3. Although I use the ‘knee down’ technique on selected roads with good visibility on my race-bike, leaning with the bike is a far safer technique for road conditions – you can sense lean angle with your toes or ‘hero blobs’ on your footpegs, and you can operate the rear brake easily and adjust your angle of lean easily mid-turn if you need to. On the AN400/650 you can sense lean angle by angling out the tops of your toes as you ride.
4. Most ‘knee down’ riders are so focused on actually getting their knee down that they are slow through bends.

This is not a way to keep up, but a way to lead – for hours and hours and hours.

Re Goldwing riders:
Over here, like Japanese BMW riders, Goldwing riders are experienced complete nutters and ride at a relentless pace. Heaven forbid that you meet one on the highway or any sweeping roads. Perhaps the fastest bike on the road is a well ridden STX1300 – comfort of the AN650, V4 engine with 125bhp and loads of torque, 70 litres of luggage space. Anyone have $15,000 to spare?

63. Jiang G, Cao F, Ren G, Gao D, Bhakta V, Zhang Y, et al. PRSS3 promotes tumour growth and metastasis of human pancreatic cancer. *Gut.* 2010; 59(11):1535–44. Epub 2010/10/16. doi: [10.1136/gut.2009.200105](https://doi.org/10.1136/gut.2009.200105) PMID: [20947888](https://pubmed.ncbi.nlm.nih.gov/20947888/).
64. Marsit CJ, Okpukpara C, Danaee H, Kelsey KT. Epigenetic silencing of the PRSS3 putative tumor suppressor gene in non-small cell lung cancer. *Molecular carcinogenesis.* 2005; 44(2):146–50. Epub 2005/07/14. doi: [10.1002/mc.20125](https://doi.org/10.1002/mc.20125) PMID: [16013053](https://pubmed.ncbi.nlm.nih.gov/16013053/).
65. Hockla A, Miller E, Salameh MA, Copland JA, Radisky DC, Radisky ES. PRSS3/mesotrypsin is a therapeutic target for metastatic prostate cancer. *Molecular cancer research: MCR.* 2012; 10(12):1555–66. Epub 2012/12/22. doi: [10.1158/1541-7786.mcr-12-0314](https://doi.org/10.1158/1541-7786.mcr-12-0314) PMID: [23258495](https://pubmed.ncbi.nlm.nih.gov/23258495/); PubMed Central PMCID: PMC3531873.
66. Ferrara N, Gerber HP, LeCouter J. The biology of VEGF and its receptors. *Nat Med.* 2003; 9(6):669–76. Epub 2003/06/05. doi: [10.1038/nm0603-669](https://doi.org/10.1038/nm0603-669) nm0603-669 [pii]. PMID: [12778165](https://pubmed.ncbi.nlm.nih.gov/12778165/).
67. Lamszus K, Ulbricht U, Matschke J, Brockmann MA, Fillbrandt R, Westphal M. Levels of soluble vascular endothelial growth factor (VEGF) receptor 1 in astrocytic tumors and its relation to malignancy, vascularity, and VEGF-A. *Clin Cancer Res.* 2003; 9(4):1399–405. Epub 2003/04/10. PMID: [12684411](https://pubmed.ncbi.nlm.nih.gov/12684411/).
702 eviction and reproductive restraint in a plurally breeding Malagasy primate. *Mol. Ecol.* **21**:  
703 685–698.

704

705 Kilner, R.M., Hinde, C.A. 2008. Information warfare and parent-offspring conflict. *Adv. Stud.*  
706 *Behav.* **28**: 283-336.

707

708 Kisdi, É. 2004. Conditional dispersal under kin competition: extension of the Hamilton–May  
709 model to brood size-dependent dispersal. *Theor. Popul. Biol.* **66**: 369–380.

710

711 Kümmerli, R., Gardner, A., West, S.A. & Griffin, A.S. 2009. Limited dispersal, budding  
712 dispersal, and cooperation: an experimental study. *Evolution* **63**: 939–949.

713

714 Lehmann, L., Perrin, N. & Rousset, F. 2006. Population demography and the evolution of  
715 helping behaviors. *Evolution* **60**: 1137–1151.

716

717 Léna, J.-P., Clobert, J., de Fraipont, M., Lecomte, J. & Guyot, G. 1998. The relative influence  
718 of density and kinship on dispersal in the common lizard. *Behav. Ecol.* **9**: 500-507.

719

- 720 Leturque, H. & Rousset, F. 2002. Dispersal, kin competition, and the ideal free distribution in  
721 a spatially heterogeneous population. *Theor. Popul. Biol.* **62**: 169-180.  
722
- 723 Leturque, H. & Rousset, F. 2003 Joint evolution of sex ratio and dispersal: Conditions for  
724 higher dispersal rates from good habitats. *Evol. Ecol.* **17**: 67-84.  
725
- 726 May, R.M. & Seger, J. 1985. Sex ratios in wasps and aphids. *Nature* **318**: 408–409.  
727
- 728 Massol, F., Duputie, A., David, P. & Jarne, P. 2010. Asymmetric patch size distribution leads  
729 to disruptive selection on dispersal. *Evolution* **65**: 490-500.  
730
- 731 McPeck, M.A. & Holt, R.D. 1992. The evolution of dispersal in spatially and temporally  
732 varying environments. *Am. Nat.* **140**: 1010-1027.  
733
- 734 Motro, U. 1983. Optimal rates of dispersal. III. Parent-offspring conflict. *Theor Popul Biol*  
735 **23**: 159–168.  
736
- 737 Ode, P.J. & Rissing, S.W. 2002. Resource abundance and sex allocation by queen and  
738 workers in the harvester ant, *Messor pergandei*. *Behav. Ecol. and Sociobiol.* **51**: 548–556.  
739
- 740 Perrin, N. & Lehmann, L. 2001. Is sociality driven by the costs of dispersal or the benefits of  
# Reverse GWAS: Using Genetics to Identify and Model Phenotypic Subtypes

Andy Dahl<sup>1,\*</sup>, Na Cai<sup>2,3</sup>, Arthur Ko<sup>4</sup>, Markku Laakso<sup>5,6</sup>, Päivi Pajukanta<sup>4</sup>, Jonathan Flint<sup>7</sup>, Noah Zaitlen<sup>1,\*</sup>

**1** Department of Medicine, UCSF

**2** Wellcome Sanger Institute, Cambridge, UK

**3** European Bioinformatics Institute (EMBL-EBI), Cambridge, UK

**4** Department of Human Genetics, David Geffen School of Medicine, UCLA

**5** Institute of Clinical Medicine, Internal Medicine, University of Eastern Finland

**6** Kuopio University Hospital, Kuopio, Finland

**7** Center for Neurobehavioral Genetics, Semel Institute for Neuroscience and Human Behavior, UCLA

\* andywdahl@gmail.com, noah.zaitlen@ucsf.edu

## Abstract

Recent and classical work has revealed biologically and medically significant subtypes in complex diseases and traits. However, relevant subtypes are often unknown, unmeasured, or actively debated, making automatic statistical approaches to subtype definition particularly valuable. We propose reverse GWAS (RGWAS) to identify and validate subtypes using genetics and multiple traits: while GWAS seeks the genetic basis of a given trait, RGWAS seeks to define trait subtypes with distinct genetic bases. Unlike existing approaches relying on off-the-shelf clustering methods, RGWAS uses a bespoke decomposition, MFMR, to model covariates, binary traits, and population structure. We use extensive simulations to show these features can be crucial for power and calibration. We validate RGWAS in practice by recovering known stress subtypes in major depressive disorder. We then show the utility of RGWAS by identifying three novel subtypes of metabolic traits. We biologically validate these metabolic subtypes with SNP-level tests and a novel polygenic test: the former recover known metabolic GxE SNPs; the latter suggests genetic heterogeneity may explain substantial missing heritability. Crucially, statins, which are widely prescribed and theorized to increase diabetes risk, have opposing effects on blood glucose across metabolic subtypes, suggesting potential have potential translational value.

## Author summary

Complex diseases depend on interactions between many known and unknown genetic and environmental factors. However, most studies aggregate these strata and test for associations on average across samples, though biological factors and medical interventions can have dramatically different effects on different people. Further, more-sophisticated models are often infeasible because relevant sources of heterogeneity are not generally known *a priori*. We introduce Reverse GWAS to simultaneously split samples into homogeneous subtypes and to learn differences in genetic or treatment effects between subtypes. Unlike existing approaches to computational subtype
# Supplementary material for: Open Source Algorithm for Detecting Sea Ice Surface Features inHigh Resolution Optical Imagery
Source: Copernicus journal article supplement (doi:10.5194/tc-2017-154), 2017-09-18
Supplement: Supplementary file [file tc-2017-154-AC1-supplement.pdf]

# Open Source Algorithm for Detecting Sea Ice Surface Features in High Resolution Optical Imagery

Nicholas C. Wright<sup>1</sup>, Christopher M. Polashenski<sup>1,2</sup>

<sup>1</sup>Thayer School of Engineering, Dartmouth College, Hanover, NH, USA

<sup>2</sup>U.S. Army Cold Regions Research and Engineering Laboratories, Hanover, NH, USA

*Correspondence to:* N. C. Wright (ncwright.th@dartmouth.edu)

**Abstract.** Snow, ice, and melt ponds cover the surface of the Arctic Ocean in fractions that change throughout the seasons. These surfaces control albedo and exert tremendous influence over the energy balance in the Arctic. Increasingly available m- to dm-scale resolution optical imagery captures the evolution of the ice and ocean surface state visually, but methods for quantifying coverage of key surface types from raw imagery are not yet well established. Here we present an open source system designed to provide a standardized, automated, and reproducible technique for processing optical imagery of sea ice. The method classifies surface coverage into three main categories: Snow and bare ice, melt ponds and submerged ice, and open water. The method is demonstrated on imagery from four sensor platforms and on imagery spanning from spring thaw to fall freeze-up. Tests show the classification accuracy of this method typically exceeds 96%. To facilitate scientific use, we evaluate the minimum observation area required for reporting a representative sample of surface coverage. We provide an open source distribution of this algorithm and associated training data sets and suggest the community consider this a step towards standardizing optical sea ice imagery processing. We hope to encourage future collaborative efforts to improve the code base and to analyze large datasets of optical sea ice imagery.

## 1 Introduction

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I've ridden on plenty of group rides since summer and found that guys won't say anything to me starting out but will often come up to me at a rest stop to say, "Wow, you really kept up well. That's some bike!" and other complimentary things about 1) Sushi as a bike and 2) me as a rider. :D A classier way to handle it, dontcha think?

I do have to pay particular attention to opening the throttle from a stop if I'm road captain: Sushi (who is a 400) just wants to RUNNNNN! :blob7: And the Victorys and H-Ds need time to gear up. 8)